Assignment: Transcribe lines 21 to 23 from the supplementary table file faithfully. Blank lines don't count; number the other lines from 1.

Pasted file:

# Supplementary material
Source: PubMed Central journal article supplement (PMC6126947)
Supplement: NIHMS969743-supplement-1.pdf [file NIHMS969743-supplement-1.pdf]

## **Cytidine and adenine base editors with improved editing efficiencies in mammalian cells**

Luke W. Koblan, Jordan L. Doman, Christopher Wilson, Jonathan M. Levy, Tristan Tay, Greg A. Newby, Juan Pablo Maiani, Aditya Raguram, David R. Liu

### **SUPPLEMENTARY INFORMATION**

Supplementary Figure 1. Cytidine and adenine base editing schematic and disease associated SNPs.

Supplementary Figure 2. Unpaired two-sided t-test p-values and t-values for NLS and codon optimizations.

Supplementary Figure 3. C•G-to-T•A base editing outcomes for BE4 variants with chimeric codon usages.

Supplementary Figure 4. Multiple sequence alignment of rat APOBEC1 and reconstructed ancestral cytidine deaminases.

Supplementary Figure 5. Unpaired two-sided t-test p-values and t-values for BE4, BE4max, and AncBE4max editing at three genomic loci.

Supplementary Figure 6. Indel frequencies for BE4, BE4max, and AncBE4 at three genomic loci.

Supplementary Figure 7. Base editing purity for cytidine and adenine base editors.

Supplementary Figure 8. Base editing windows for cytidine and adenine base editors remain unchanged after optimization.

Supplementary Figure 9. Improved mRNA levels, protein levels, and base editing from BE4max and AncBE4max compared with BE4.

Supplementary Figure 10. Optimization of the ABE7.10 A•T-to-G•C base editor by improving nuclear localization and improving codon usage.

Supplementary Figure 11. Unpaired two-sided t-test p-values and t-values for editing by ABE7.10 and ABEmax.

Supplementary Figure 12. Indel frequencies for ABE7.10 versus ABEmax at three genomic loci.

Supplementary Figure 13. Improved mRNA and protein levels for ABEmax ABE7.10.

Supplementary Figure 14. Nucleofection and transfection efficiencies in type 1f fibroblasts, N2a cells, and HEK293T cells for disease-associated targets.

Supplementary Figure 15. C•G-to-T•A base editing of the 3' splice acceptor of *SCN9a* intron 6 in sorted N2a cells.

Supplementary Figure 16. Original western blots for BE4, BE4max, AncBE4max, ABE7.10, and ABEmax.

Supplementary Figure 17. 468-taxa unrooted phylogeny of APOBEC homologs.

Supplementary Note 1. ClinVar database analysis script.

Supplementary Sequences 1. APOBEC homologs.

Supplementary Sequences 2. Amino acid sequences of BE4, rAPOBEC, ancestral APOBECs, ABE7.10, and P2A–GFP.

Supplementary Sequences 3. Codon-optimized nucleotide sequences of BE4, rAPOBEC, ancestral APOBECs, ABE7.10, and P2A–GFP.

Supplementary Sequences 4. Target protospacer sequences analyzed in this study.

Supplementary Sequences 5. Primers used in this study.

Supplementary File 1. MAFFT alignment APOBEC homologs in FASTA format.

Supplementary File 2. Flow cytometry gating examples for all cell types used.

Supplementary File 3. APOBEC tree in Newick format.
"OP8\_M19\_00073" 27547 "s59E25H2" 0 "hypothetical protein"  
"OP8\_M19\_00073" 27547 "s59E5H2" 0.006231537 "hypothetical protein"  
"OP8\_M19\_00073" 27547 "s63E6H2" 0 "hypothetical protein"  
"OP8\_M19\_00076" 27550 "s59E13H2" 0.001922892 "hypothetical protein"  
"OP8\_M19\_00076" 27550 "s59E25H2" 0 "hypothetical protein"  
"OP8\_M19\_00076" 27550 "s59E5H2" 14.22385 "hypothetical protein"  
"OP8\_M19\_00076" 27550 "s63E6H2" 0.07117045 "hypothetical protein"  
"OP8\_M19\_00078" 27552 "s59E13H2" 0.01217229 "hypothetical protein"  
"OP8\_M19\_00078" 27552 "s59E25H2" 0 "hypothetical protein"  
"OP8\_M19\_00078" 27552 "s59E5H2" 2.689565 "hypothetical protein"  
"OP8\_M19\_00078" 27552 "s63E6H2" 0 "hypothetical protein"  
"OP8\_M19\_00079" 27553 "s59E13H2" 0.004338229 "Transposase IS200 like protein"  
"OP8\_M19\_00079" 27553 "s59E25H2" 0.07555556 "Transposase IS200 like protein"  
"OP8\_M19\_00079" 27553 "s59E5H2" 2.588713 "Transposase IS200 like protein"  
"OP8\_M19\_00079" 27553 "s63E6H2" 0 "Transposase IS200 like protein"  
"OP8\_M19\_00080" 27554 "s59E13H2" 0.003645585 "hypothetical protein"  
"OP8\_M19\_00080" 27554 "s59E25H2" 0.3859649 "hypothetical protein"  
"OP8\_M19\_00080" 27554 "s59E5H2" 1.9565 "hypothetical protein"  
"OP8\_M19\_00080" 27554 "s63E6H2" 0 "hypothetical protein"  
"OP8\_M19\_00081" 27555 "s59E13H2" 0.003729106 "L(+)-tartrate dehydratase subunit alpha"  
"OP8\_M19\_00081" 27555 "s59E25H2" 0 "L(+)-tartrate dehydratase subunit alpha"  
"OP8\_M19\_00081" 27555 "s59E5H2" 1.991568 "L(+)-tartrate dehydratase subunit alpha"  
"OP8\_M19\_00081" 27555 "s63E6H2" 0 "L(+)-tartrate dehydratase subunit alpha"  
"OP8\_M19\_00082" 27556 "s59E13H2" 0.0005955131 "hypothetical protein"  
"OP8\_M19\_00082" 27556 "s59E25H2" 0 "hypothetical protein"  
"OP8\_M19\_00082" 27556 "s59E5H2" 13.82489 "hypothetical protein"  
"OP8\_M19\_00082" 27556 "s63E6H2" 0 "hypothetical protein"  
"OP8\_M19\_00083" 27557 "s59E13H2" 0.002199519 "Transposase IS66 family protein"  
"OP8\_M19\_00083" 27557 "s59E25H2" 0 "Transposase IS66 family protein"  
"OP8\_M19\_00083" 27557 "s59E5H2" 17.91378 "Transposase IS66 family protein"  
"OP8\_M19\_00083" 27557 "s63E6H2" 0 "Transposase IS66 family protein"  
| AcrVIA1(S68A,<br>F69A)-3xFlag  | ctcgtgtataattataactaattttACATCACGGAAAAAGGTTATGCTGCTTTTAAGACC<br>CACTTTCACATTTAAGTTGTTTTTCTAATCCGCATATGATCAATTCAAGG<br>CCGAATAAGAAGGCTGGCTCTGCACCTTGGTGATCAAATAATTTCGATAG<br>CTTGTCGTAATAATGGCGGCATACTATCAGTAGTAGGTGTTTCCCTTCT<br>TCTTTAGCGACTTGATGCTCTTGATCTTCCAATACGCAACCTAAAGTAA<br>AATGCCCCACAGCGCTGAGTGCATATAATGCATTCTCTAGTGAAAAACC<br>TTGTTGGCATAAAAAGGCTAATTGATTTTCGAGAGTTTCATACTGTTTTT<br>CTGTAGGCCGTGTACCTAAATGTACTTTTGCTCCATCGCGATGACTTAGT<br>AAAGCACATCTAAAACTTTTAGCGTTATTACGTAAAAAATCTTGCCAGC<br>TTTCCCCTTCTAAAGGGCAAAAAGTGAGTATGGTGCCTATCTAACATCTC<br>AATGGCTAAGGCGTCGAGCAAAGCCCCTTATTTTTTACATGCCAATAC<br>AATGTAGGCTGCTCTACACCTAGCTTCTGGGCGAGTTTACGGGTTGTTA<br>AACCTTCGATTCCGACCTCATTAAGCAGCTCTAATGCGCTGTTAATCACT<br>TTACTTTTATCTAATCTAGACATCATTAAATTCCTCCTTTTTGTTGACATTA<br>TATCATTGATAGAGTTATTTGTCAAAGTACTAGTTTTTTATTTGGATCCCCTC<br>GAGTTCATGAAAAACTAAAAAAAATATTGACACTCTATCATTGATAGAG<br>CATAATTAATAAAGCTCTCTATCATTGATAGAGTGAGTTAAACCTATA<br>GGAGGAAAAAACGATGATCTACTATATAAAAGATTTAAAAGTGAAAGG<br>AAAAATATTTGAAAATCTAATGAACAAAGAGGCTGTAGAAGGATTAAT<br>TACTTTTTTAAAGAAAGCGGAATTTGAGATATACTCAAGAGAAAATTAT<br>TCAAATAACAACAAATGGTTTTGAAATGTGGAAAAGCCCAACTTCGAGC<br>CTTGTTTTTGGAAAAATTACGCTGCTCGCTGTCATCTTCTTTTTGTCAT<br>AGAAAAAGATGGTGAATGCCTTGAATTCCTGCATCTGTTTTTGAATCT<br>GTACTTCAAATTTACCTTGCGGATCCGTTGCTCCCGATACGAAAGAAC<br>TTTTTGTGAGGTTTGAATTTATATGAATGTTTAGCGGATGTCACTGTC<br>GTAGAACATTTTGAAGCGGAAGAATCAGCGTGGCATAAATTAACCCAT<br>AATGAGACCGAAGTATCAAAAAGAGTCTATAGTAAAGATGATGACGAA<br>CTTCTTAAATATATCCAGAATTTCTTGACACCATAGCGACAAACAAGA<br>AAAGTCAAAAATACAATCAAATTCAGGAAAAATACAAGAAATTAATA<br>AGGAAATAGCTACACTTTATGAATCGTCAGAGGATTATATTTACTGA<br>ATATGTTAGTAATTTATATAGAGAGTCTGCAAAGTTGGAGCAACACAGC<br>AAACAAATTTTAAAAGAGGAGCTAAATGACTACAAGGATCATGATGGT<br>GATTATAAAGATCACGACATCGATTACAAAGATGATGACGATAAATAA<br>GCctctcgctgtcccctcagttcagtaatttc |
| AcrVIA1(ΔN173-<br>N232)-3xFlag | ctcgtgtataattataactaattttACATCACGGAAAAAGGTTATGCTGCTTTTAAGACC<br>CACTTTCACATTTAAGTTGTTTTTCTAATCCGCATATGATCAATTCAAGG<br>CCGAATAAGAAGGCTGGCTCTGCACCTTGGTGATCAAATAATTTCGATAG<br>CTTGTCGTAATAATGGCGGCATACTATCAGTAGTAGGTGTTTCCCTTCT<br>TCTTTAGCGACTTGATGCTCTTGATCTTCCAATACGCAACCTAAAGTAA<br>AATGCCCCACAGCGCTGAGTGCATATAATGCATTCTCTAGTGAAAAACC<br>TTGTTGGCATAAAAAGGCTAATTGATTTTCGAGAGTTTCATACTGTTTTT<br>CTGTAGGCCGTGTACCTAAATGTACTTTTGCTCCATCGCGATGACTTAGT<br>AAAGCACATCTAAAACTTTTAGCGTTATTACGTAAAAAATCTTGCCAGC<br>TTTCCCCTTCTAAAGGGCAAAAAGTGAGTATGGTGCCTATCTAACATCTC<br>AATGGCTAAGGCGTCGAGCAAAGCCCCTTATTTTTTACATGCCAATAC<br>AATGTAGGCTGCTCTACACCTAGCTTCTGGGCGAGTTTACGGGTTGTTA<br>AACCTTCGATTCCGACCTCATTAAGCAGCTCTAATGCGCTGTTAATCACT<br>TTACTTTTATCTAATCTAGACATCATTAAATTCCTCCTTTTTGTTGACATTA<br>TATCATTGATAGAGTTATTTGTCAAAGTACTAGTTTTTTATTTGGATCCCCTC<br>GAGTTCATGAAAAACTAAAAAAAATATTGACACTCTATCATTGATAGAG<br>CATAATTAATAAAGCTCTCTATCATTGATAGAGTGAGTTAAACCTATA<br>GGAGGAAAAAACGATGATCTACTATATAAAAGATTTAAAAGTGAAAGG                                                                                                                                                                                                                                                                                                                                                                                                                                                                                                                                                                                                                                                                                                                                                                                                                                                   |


Supplementary Figure 15. C•G-to-T•A base editing of the 3' splice acceptor of *SCN9a* intron 6 in sorted N2a cells.

Supplementary Figure 16. Original western blots for BE4, BE4max, AncBE4max, ABE7.10, and ABEmax.

Supplementary Figure 17. 468-taxa unrooted phylogeny of APOBEC homologs.